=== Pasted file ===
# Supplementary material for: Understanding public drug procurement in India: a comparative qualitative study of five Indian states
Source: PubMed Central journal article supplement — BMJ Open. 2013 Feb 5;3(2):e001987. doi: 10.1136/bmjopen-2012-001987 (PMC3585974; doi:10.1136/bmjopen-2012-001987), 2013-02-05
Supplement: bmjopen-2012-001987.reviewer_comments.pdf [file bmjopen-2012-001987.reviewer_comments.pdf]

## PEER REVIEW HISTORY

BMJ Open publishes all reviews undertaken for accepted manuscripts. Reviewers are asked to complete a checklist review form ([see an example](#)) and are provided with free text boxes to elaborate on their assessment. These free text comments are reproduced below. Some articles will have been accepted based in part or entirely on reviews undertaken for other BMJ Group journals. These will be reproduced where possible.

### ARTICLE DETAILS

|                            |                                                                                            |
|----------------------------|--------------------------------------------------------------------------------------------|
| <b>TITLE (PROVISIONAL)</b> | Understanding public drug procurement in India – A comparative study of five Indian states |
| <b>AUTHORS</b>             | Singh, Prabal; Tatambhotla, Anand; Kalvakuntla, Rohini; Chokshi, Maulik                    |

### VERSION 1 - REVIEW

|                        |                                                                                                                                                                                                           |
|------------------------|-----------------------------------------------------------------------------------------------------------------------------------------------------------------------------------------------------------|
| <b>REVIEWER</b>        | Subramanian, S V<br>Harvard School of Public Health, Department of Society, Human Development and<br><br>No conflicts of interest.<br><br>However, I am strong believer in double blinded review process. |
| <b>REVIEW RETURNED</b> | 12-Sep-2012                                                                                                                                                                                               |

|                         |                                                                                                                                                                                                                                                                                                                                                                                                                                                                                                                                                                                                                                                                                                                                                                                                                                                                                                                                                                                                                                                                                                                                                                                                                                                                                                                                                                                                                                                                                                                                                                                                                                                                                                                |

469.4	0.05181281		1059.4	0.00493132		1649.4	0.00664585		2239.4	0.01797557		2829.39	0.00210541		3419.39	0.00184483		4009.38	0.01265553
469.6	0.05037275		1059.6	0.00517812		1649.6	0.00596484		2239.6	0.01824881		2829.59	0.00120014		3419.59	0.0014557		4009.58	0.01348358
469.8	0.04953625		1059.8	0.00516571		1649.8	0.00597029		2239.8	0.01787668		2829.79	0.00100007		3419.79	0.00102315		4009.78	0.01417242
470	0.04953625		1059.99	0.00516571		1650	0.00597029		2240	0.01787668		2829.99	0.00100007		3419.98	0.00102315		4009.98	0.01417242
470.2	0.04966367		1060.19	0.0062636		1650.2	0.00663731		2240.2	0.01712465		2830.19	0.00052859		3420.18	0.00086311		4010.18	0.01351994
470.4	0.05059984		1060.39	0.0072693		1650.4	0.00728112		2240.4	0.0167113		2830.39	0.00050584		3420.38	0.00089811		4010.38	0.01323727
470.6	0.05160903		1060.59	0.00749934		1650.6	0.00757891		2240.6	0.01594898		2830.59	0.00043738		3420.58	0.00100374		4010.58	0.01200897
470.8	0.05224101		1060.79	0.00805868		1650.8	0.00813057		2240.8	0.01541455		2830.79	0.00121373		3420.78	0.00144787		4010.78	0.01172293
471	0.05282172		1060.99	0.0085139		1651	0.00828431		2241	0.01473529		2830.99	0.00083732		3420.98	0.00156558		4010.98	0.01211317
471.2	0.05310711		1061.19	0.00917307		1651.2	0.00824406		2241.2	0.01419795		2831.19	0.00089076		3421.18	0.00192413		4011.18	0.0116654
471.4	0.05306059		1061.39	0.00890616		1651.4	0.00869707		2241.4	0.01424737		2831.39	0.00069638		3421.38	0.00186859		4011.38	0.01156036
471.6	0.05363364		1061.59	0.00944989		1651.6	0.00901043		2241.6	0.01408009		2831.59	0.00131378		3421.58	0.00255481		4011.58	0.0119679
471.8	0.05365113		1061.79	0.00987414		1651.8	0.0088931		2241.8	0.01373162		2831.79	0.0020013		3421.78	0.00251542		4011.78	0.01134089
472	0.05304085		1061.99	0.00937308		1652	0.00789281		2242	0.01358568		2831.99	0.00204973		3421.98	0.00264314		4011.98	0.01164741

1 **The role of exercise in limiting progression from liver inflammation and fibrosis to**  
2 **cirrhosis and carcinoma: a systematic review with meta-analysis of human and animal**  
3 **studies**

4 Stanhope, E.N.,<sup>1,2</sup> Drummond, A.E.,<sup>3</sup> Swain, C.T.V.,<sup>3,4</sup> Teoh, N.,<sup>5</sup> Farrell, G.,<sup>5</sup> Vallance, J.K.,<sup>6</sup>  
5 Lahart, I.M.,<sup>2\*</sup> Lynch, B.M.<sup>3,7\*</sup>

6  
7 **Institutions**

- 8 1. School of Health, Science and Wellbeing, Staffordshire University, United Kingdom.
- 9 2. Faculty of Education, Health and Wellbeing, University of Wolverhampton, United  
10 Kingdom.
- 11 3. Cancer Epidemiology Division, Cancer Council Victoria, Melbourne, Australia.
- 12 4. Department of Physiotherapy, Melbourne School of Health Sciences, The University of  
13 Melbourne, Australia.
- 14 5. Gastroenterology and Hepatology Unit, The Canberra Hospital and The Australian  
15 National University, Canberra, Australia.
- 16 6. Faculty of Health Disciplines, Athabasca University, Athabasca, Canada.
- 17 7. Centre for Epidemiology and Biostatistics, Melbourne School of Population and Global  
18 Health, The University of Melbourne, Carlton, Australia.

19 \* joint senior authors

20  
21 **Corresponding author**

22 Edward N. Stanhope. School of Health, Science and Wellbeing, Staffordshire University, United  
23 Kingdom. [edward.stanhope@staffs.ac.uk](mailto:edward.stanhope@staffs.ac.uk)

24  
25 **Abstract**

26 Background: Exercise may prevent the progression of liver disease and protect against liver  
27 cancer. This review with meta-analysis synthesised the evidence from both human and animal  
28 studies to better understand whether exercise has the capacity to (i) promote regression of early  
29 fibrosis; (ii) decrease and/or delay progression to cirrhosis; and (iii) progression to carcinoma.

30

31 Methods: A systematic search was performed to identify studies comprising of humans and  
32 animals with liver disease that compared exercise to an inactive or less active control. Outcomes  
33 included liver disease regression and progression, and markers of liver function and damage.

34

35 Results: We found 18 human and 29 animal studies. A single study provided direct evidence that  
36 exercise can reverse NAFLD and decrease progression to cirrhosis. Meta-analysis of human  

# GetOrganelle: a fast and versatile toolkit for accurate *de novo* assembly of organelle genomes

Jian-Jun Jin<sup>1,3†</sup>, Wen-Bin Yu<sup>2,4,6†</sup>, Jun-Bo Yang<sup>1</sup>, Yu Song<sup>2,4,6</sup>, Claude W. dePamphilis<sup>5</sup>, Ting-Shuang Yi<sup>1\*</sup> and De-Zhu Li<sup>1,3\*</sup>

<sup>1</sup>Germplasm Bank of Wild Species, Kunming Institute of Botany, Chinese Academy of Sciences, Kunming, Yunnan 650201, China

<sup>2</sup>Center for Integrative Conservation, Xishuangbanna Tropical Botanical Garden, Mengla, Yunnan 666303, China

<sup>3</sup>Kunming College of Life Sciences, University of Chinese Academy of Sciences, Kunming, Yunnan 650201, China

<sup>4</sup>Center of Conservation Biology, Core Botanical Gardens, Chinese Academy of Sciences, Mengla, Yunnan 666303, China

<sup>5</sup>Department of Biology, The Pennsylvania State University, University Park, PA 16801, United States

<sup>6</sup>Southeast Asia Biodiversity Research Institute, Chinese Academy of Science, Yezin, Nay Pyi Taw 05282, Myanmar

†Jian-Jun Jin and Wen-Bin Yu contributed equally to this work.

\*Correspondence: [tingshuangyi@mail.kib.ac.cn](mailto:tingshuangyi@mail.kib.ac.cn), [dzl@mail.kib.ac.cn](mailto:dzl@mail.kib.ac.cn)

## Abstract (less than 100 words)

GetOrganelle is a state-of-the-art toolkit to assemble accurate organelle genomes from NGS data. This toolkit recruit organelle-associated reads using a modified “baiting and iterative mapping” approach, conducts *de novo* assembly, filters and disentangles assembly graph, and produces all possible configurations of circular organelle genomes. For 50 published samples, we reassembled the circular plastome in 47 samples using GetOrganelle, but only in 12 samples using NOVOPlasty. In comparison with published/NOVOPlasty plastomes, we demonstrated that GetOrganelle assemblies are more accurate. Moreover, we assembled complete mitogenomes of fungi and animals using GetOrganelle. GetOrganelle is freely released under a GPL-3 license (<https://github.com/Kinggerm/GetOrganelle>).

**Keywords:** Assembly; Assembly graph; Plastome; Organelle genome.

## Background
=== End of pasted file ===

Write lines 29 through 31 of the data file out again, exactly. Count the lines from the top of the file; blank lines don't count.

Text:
471.8	0.05365113		1061.79	0.00987414		1651.8	0.0088931		2241.8	0.01373162		2831.79	0.0020013		3421.78	0.00251542		4011.78	0.01134089
472	0.05304085		1061.99	0.00937308		1652	0.00789281		2242	0.01358568		2831.99	0.00204973		3421.98	0.00264314		4011.98	0.01164741

1 **The role of exercise in limiting progression from liver inflammation and fibrosis to**  